Marc Andreessen, Co-founder of Netscape
In the new economy, competition is global,
capital is abundant, ideas are developed quickly
and cheaply, and people are willing to change
jobs often. In that kind of environmentall
that matters is talentsuperior talent will be
tomorrows prime source of competitive
E. Chambers et al. (1998). The War for
Talent. The McKinsey Quarterly, 2-15.
  • The problem, then, is how to get,
  • keep, and utilize talented people
  • It is not just a question of pay
  • Even talented people must be led,
  • organized, and motivated

GE CEO Jack Welch as hands-on manager of talent
The man who spends more than 50 of his time on
people issues considers his greatest achievement
the care and feeding of talent. ''This place
runs by its great people,'' says Welch. ''The
biggest accomplish-ment I've had is to find great
people. An army of them. They are all better than
most CEOs. They are big hitters, and they seem to
thrive here.'' He believes he has to know people
well enough to trust them and their judgments
''I don't know how to build an aircraft
engine,'' he says. ''I don't know what should run
on NBC. We're in the cat-and-dog insurance
business in England. I don't really want to be in
that business, but the guy who brought me that
idea wanted to be in it, and I trust him. He'll
take it and make it work.'' Welch knows by sight
the names and responsibilities of at least the
top 1,000 people at GE.
How Jack Welch runs GE. Business Week, May 29,
And some organizations get excellent results
with merely OK people
See C. A. O'Reilly III and J. Pfeffer Hidden
Value How Great Companies Achieve Extraordinary
Results With Ordinary People. Harvard Business
School Press, 2000.
Only 10 of people are in the top 10. Great
companies not only hire talent, they build it and
unleash the energy and talent of all their people.
Course Website (not on Catalyst) http//courses.ha
(loginugba105 pwjlincoln)
  • Instructor info
  • Syllabus
  • Supplementary readings
  • Useful links
  • Course announcements
  • Powerpoints posted after lecture

Class meetings
  • Tuesday
  • Introduce a new topic
  • Lecture/discussion
  • Exams
  • Thursday
  • Class business
  • Review of lecture and readings
  • Case analysis
  • Videos exercises
  • Team project discussions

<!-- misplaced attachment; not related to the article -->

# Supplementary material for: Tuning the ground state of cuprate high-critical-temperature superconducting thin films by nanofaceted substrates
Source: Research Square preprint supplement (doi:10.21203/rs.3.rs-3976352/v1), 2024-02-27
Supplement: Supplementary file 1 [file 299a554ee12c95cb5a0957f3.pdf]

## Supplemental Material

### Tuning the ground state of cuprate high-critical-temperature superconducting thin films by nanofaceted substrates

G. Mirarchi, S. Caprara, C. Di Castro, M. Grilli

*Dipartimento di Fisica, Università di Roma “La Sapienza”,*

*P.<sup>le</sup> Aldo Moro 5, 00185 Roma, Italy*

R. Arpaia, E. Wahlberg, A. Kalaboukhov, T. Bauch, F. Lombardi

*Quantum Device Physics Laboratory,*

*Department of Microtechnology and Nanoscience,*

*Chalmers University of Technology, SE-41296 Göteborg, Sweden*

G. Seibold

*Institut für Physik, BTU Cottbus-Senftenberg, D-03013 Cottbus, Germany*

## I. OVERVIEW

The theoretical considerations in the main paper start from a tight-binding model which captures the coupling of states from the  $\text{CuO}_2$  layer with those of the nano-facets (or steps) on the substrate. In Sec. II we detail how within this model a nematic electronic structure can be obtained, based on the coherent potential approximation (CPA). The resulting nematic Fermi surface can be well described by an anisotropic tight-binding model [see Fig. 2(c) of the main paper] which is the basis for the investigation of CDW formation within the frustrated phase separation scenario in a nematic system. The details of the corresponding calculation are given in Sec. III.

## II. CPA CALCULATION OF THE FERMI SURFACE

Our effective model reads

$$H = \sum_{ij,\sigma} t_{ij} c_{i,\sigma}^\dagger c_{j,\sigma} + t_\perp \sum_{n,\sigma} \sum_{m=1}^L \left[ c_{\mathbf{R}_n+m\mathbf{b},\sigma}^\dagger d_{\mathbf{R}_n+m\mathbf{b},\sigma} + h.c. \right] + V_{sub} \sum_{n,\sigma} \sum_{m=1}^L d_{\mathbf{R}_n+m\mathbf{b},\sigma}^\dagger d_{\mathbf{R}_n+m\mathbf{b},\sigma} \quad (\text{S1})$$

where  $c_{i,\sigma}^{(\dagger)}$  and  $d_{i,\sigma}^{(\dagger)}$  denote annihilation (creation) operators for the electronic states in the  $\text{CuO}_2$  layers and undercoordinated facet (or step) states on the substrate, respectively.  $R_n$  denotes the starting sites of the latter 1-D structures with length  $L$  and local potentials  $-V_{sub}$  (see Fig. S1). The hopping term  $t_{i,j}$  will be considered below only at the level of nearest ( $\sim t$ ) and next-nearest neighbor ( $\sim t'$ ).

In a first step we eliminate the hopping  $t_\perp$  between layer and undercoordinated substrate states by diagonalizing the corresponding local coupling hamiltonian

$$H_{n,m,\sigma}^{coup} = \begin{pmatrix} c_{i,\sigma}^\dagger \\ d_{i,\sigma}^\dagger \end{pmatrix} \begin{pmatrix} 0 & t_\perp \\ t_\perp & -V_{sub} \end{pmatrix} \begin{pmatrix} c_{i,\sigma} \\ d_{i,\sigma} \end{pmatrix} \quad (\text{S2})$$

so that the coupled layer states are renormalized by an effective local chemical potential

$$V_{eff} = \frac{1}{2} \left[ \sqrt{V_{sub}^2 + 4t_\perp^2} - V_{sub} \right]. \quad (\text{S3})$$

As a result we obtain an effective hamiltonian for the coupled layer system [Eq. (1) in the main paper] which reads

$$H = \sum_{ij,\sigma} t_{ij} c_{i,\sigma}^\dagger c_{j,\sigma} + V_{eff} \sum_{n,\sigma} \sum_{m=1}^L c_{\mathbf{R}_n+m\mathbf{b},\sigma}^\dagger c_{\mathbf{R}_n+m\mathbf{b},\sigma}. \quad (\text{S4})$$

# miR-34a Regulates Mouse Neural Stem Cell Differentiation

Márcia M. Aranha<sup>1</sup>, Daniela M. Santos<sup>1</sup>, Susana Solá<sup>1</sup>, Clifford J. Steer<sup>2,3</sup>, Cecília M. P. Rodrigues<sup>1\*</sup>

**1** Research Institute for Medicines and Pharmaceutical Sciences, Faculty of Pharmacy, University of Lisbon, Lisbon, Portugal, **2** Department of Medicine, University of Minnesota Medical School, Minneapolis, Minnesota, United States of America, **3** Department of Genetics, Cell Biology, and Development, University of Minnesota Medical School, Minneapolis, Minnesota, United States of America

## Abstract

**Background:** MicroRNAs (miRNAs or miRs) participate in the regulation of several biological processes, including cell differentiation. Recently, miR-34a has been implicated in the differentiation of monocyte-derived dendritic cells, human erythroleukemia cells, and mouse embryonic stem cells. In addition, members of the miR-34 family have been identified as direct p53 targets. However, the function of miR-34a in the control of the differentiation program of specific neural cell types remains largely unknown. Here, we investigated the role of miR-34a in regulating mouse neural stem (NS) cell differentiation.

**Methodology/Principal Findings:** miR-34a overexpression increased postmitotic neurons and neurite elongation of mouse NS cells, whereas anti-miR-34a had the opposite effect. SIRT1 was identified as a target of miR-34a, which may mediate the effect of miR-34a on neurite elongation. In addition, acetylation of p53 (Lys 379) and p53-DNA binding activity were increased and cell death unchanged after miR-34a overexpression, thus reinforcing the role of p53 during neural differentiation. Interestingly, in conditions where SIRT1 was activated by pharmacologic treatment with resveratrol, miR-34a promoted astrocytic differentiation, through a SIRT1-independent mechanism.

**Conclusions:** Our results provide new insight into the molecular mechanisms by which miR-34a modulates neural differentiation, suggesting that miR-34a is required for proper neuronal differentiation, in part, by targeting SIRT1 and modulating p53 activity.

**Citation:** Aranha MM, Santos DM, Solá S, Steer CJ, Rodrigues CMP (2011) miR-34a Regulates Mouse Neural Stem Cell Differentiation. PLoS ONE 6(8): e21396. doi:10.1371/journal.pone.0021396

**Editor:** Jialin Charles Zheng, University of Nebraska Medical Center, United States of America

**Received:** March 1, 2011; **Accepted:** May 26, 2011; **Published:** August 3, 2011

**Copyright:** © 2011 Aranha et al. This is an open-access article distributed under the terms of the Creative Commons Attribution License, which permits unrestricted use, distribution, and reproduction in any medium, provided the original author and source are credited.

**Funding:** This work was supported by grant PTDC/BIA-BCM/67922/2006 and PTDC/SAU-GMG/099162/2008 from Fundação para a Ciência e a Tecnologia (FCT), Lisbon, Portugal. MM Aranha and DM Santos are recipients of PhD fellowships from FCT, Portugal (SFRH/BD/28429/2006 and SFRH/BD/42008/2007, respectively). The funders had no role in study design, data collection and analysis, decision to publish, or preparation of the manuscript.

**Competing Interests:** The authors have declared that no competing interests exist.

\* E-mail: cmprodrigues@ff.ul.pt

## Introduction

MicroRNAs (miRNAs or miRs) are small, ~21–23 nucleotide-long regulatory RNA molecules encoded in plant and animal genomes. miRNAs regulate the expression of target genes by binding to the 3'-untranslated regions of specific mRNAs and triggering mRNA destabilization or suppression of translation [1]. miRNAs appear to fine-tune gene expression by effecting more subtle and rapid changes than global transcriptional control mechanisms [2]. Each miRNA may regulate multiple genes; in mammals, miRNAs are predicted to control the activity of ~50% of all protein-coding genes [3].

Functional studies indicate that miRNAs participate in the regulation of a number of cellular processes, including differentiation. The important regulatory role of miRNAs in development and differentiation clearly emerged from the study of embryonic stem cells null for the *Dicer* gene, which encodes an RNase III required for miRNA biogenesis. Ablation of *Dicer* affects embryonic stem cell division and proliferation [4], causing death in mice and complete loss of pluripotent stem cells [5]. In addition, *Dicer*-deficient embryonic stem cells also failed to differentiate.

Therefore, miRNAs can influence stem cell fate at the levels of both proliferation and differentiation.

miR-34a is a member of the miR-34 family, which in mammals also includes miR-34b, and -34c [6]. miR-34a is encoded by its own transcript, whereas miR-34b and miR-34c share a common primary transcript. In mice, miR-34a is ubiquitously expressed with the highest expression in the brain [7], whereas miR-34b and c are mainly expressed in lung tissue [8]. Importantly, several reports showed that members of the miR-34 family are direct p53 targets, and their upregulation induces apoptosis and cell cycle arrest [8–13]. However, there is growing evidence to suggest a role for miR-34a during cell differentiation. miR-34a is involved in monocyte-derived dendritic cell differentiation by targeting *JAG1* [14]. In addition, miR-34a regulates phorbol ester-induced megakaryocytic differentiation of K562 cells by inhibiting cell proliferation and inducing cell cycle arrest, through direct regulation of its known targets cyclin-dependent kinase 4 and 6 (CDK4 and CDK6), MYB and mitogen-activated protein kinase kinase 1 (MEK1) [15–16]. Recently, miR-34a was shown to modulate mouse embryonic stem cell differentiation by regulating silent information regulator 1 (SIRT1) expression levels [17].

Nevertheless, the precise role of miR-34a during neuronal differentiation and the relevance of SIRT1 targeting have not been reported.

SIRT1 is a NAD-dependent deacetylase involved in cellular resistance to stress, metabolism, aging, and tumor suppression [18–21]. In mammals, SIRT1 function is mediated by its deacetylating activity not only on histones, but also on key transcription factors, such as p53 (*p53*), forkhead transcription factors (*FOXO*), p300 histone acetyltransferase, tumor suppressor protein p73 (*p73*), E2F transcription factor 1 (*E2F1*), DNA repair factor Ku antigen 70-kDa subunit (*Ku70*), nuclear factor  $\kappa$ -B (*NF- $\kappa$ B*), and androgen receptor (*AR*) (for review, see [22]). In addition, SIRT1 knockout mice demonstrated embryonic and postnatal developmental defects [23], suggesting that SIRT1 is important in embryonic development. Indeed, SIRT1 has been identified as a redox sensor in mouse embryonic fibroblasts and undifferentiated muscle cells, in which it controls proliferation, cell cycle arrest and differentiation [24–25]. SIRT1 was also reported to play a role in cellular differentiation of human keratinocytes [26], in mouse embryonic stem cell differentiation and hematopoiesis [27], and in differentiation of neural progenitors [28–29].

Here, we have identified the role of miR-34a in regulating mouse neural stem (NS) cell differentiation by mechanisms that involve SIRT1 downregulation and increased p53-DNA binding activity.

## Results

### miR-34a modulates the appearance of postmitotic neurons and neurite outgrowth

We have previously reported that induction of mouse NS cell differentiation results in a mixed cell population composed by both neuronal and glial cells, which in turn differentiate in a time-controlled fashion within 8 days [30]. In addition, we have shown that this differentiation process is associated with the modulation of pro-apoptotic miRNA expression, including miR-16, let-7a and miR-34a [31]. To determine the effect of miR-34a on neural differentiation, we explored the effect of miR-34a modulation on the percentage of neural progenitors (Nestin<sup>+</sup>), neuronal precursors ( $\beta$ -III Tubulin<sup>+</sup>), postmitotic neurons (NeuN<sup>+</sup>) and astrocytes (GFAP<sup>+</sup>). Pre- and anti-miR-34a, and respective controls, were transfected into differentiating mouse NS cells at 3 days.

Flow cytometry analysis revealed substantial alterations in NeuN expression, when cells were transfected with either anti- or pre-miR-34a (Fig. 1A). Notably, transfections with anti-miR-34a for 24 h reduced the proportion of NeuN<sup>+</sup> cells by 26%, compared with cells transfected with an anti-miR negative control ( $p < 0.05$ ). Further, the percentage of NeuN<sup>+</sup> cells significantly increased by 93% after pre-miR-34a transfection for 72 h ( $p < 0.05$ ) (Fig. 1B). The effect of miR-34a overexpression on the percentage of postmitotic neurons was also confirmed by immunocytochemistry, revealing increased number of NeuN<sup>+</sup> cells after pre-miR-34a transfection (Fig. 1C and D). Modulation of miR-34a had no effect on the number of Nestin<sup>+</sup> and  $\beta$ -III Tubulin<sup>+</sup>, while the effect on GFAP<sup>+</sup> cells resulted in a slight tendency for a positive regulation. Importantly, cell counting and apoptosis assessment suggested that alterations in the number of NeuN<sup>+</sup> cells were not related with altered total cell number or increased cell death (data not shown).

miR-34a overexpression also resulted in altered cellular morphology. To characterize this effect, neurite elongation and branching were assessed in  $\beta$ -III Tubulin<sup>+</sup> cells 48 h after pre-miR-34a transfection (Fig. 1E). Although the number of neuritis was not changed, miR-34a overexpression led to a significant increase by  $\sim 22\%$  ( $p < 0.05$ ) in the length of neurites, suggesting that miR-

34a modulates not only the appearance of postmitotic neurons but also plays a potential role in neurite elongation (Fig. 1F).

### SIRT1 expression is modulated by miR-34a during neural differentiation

• Electronic course reader on
  • Note if you are currently WAITLISTED for
  • You have temporary access to through
    Catalyst. The access terminates after the second
    week if you are not then enrolled.  
  • 10 hard copies of the first four weeks of
    readings are on reserve in the Long Library
  • Other readings posted on course website or handed
  • Readings on the syllabus are required. Other
    readings are recommended unless otherwise
  • Cases and readings must be prepared prior to the
    class for which they are assigned

Course Requirements
  • Class participation (15)
  • In-class discussions, particularly of cases
  • Oral presentation on team projects
  • Team member ratings
  • Exams in-class midterm and final (50)
  • Essay questions that will involve case analysis
  • Team project (30)
  • You will be assigned to teams of 3-5 persons each
  • You will study OB problems/issues in a real
  • Oral presentation and paper (12-15 pages)
  • In general, all members will receive the same
  • Participation in research experiments (5)

Other course business
  • Enrollment issues
  • Go to the Undergraduate Program Office (S450)
  • Arrival and attendance
  • Email
  • Face cards and name tents
  • see website announcements
  • Seating pick a seat you love and stay there!
  • Readers
  • Keiko Sakarai and Barak Turovsky
  • Class reps
  • Guest instructors Jennifer Kurkoski others

Course overview.
A focus on problem-solving
  • You will learn to diagnose organizational
    problems, and design and implement solutions
  • The congruence model as a framework
  • Getting strategy, tasks, people, formal
    structure, informal structure, etc., to fit

Critical issues
  • The old and new in organizational design
  • How to know if that reorg makes sense
  • What is leadership and how should you do it?
  • So you have a brilliant idea-how do you get
    people to follow you?
  • How to analyze and change organizational culture
  • How to design jobs and incentive systems that
    motivate employees
  • Clue just pay them more is not enough.

More critical issues
  • How to design and lead teams that perform well
    and avoid the pitfalls of teamwork
  • How to maximize your own power and efficacy
  • Building and managing through networks
  • Getting power and using it
  • Leveraging diversity at home and abroad for
    competitive advantage

Schedule of topics
  • Part 1 Introduction (1 week)
  • an introduction to course themes
  • the congruence perspective
  • Part 2 The hard stuff formal structure (3
  • Traditional designs, modern designs, teams
  • Part 3 The soft stuff informal organization I
    (2 weeks)
  • Leadership and culture

Course Topics (continued)
  • Part 4 Informal organization II (2 weeks)
  • Politics and networks
  • Part 5 Soft/hard and micro Decision-making,
    motivation, and incentives (3 weeks)
  • Part 6 Managing diversity at home and
    abroad (2 weeks)

Thursday session
  • Introduction to discussion section
  • Read and prepare to discuss
  • What general managers do
  • Read Kotter article
  • The congruence model as a framework for
    organizational problem-solving
  • Read Nadler and Tushman chapter